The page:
Will Masayoshi Son make a comeback?
What we are reading this weekend
Good morning! A big hello to readers who signed up this week. Welcome to The Intersection, The Signal's weekend edition. This week, we have a lighter edition where we have handpicked the best weekend reads for you. The Intersection will return next week with an original story. P.S: We’d like to hear from you. Do take the poll at the bottom of this email.
The comeback kid? SoftBank's Masayoshi Son has survived many lost battles with a firm goal—to win the war. His Japanese investment group posted a record quarterly loss of $23 billion in May. And its first Vision Fund, which raised $100 billion to invest in tech companies and promised meteoric returns, may now be worth even less than the investment amount. Such losses may be fatal for most, but Son has a penchant for proving everyone wrong. Whether he manages to revive SoftBank remains to be seen.
In charge of time: David Mills, known as the internet’s “Father Time”, created the Network Time Protocol (NTP) in the 1980s. NTP is an obscure software system that synchronises time on the web. But now, at the age of 84, Mills is retiring. Which raises the question of who will be his successor. It’s a complex job—keeping leap seconds and other elements that muddle with the internet’s clock in check.
Invisibilia: The name Antonie van Leeuwenhoek may not ring a bell unless you’re a microbiologist or physics buff. He’s the man who first spotted protozoa and bacteria; in doing so, van Leeuwenhoek laid the foundation for germ theory, medical science, and virtually every discipline that makes sense of the invisible world. But how did a Dutch fabric seller craft the world’s most powerful lenses in the late 1600s and beat polymaths Galileo and Robert Hooke to their game? Here’s how researchers stumbled upon the answer—with the help of a nuclear reactor, no less.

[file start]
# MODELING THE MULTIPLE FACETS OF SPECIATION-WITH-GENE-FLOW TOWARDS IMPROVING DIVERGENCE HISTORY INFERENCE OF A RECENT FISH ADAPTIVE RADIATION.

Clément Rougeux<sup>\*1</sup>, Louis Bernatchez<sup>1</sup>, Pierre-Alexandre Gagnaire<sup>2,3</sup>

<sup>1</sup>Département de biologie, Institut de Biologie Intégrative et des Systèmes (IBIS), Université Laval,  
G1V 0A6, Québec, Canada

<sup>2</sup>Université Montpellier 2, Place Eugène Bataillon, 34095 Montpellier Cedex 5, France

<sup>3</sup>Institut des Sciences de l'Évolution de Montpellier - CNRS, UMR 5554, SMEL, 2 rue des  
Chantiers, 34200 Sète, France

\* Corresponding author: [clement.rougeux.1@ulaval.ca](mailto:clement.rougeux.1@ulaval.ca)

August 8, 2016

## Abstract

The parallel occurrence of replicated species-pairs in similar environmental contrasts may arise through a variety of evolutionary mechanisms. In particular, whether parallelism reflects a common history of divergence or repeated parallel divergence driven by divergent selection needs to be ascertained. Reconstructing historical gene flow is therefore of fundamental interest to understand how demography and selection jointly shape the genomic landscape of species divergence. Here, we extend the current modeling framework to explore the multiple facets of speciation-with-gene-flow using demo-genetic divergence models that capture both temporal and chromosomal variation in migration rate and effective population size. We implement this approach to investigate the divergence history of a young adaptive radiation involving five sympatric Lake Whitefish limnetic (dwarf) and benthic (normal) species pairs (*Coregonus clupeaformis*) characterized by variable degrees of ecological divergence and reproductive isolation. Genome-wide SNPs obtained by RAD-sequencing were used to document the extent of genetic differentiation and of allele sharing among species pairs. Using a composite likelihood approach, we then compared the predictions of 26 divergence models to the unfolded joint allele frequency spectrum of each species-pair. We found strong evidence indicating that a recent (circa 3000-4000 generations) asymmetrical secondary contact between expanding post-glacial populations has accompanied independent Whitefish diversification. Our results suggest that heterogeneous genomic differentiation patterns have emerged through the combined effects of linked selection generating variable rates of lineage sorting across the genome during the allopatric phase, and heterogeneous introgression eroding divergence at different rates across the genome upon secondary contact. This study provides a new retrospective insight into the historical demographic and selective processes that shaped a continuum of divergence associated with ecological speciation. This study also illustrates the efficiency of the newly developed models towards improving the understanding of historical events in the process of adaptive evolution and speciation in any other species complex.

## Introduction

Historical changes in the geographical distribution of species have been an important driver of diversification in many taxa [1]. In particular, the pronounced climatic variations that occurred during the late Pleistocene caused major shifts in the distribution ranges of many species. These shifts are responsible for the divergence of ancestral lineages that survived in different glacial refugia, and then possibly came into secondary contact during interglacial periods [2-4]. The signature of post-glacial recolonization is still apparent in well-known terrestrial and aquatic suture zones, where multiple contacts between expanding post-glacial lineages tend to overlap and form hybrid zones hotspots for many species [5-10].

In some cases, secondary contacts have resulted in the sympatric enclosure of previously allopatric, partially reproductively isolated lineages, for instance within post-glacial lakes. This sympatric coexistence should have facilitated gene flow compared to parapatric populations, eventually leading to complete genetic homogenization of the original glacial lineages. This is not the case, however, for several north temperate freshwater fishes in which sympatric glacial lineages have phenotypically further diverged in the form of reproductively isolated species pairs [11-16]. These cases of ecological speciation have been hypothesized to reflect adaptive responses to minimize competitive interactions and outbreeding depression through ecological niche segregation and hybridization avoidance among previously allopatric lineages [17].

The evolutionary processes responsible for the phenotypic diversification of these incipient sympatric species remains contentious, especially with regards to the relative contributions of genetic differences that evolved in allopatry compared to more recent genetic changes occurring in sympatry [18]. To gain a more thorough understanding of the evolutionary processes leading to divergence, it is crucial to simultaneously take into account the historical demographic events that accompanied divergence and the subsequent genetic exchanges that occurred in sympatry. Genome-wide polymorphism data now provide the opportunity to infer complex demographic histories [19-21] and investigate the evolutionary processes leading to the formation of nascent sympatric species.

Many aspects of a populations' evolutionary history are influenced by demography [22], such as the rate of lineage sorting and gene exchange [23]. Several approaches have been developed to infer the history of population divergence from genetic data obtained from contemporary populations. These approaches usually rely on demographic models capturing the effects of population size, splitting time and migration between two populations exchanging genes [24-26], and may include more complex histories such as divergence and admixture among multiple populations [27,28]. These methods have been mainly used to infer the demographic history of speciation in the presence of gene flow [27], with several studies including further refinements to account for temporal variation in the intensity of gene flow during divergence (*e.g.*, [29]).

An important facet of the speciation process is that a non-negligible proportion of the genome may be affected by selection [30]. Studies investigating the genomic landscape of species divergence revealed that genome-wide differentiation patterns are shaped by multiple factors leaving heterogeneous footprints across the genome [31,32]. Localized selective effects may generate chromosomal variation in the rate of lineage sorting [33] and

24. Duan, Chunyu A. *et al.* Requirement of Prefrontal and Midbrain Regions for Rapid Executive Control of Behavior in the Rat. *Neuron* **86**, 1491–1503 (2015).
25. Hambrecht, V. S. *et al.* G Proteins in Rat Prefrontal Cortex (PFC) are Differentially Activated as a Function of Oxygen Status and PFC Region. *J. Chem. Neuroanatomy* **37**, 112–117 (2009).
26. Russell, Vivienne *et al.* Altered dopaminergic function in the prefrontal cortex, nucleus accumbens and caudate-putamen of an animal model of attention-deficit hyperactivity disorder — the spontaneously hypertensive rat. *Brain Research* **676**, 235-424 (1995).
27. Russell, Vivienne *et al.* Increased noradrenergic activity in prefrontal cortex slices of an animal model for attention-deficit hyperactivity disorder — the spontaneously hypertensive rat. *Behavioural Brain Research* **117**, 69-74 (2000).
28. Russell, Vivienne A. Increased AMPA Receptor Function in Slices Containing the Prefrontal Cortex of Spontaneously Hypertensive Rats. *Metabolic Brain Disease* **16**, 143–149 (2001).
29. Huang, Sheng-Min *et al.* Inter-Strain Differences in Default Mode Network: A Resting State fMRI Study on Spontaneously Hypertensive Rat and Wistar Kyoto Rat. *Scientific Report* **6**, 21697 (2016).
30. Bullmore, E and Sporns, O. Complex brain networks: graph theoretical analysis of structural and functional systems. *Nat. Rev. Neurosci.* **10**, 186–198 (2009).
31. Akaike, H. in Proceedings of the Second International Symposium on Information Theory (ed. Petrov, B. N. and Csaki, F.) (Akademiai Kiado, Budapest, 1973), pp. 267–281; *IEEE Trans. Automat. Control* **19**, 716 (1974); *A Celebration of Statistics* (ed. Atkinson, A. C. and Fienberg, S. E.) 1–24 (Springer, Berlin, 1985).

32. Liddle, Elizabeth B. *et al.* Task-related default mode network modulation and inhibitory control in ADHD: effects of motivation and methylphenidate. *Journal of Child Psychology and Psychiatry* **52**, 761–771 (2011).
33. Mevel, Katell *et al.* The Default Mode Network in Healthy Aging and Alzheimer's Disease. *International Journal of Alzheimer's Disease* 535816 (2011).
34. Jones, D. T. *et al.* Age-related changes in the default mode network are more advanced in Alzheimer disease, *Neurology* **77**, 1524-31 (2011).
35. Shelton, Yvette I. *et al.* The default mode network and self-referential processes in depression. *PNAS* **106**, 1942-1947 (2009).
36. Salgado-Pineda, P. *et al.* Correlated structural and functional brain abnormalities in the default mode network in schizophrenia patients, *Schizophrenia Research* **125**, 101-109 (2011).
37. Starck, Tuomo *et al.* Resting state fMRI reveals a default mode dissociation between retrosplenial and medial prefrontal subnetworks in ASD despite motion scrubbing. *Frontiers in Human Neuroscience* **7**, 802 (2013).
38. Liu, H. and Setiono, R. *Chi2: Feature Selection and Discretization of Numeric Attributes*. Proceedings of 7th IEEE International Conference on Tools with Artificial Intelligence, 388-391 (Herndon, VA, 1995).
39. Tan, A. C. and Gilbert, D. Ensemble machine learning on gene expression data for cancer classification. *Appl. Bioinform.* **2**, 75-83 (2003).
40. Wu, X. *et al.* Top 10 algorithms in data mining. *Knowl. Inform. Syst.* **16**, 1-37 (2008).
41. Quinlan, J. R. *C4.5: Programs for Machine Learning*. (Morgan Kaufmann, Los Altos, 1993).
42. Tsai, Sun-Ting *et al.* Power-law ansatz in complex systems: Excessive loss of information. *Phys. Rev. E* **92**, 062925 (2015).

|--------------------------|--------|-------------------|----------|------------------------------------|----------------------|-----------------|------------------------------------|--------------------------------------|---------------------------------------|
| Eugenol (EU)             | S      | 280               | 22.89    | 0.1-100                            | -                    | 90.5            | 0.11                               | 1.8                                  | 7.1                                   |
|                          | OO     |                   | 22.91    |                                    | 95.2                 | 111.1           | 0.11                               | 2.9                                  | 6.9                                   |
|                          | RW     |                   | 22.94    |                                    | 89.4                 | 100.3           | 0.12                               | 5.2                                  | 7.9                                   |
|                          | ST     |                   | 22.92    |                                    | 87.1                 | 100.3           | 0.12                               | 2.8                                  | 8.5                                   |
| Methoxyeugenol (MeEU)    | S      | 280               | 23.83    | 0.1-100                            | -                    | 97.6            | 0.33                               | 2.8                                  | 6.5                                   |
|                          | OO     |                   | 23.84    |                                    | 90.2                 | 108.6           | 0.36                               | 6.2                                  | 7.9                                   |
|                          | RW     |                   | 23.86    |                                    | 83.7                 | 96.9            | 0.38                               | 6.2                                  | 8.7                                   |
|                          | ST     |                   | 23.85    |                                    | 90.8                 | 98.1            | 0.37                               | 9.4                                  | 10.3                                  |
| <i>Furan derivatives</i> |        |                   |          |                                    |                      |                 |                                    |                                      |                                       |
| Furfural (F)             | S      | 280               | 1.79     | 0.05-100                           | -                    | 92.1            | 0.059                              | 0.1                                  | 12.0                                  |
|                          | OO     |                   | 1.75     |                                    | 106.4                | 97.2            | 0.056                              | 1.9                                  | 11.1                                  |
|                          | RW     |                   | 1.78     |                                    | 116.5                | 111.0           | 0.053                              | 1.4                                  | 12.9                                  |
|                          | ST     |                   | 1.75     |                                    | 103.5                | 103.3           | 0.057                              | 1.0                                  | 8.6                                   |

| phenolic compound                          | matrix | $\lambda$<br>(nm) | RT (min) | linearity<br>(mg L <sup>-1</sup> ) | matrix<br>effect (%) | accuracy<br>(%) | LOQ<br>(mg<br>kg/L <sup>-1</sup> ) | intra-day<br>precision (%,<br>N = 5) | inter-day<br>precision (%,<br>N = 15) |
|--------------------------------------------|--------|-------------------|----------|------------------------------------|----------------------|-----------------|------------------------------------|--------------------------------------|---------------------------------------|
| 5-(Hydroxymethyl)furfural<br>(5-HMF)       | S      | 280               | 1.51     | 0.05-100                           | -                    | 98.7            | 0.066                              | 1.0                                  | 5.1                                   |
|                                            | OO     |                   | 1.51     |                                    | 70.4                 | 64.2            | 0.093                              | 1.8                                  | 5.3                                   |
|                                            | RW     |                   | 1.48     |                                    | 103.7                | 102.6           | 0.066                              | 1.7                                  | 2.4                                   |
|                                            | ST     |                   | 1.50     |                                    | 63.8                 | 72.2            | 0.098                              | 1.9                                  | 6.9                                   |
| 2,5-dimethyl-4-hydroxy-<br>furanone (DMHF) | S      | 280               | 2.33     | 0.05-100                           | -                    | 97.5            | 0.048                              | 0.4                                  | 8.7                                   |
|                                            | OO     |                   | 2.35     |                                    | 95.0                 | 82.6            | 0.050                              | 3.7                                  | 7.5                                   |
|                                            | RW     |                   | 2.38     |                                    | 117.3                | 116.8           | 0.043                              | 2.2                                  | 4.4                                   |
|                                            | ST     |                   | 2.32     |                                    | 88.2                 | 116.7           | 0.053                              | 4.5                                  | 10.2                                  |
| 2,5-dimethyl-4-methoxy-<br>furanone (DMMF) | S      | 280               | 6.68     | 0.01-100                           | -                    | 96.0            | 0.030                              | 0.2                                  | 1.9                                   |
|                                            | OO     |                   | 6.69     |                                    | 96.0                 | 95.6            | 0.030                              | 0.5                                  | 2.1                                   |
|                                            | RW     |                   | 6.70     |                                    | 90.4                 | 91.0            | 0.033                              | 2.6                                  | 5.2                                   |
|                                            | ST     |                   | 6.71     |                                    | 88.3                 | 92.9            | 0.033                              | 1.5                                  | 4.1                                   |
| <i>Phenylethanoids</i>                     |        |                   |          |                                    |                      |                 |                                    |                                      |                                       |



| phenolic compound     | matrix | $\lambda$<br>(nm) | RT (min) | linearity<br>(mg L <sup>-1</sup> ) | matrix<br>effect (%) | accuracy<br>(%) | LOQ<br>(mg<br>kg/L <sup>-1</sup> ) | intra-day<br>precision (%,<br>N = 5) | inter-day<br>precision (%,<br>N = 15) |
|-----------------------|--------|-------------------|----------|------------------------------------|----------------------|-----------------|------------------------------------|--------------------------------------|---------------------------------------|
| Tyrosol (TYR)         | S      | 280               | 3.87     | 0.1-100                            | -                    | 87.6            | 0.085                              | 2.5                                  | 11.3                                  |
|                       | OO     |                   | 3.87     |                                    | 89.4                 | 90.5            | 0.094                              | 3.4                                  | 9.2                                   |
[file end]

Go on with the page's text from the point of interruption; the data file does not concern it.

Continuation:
Picture imperfect: In its 12 years, Instagram has gone from being a photo-sharing app to a TikTok clone. How has this—and the pandemic—affected photographers and illustrators who once subsisted off the platform? The first chronicle from this week charts the ‘laissez faire’ food photography movement, which has upended the carefully-curated food shots Instagram was (in)famous for. The second acquaints us with the gripe visual artists have with Instagram, aka why they’re migrating to Glass, VSCO, Behance, and even Twitter to showcase their works.
Swept under the rug? Not quite: A tool that's often delegated to a closet or a dark room is getting a makeover of sorts. And there are buyers! Artisanal sorghum brushes—table sweeps, pocket-sized hand brushes and traditional long-handled brooms—shipped straight from Tokyo are now a collector's envy. And while it is mostly sold as a utility item in the West, it is also being used as decor. This story in the Financial Times breaks down the mystery behind it.
Bhai ka nizaam: Altaf Hussain is an interesting figure (and now, a meme) in Pakistani politics. Revered by his loyal wafa parast cadre, once feared by the rest of Karachi, and (more often than not) disliked by the “establishment” (code for Pakistan’s mostly Punjabi military), and banned by the country’s courts, Hussain is now plotting a comeback of sorts. Hussain’s party, the Muttahida Qaumi Movement or MQM, represents the Urdu-speaking Mohajir community, which traces its pre-partition roots to India (predominantly Uttar Pradesh, Bihar, Madhya Pradesh). Dive right into this riveting profile of Hussain, the MQM’s violent politics, and the city he once and perhaps continues to lord over.
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Back to Campus - The Signal’s Brand New Podcast
It’s often the tiny moments from our student lives that play a big role in what is to come—be it the career switch you make or the startup idea that you bring to life.
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